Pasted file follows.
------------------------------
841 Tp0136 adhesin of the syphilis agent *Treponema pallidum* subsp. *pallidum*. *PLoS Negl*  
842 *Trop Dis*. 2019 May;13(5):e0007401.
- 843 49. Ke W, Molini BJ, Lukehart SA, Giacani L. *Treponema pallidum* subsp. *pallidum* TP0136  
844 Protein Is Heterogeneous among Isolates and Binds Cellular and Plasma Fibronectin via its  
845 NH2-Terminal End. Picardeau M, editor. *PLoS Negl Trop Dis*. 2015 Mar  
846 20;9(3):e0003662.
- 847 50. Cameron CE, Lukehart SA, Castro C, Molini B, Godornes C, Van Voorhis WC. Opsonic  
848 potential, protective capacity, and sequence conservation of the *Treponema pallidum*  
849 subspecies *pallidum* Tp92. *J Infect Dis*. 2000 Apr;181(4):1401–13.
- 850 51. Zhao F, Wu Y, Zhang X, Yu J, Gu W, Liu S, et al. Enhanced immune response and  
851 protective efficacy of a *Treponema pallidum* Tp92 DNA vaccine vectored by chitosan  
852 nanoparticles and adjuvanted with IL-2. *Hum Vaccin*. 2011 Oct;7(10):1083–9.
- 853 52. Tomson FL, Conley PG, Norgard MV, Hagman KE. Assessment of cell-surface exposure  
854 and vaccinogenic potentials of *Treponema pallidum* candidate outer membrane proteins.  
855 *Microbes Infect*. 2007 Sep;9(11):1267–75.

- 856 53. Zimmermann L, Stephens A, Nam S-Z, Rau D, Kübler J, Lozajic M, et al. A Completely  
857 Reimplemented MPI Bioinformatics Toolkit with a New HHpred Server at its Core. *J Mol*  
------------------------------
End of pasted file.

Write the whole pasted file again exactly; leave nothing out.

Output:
841 Tp0136 adhesin of the syphilis agent *Treponema pallidum* subsp. *pallidum*. *PLoS Negl*  
842 *Trop Dis*. 2019 May;13(5):e0007401.
- 843 49. Ke W, Molini BJ, Lukehart SA, Giacani L. *Treponema pallidum* subsp. *pallidum* TP0136  
844 Protein Is Heterogeneous among Isolates and Binds Cellular and Plasma Fibronectin via its  
845 NH2-Terminal End. Picardeau M, editor. *PLoS Negl Trop Dis*. 2015 Mar  
846 20;9(3):e0003662.
- 847 50. Cameron CE, Lukehart SA, Castro C, Molini B, Godornes C, Van Voorhis WC. Opsonic  
848 potential, protective capacity, and sequence conservation of the *Treponema pallidum*  
849 subspecies *pallidum* Tp92. *J Infect Dis*. 2000 Apr;181(4):1401–13.
- 850 51. Zhao F, Wu Y, Zhang X, Yu J, Gu W, Liu S, et al. Enhanced immune response and  
851 protective efficacy of a *Treponema pallidum* Tp92 DNA vaccine vectored by chitosan  
852 nanoparticles and adjuvanted with IL-2. *Hum Vaccin*. 2011 Oct;7(10):1083–9.
- 853 52. Tomson FL, Conley PG, Norgard MV, Hagman KE. Assessment of cell-surface exposure  
854 and vaccinogenic potentials of *Treponema pallidum* candidate outer membrane proteins.  
855 *Microbes Infect*. 2007 Sep;9(11):1267–75.

- 856 53. Zimmermann L, Stephens A, Nam S-Z, Rau D, Kübler J, Lozajic M, et al. A Completely  
857 Reimplemented MPI Bioinformatics Toolkit with a New HHpred Server at its Core. *J Mol*  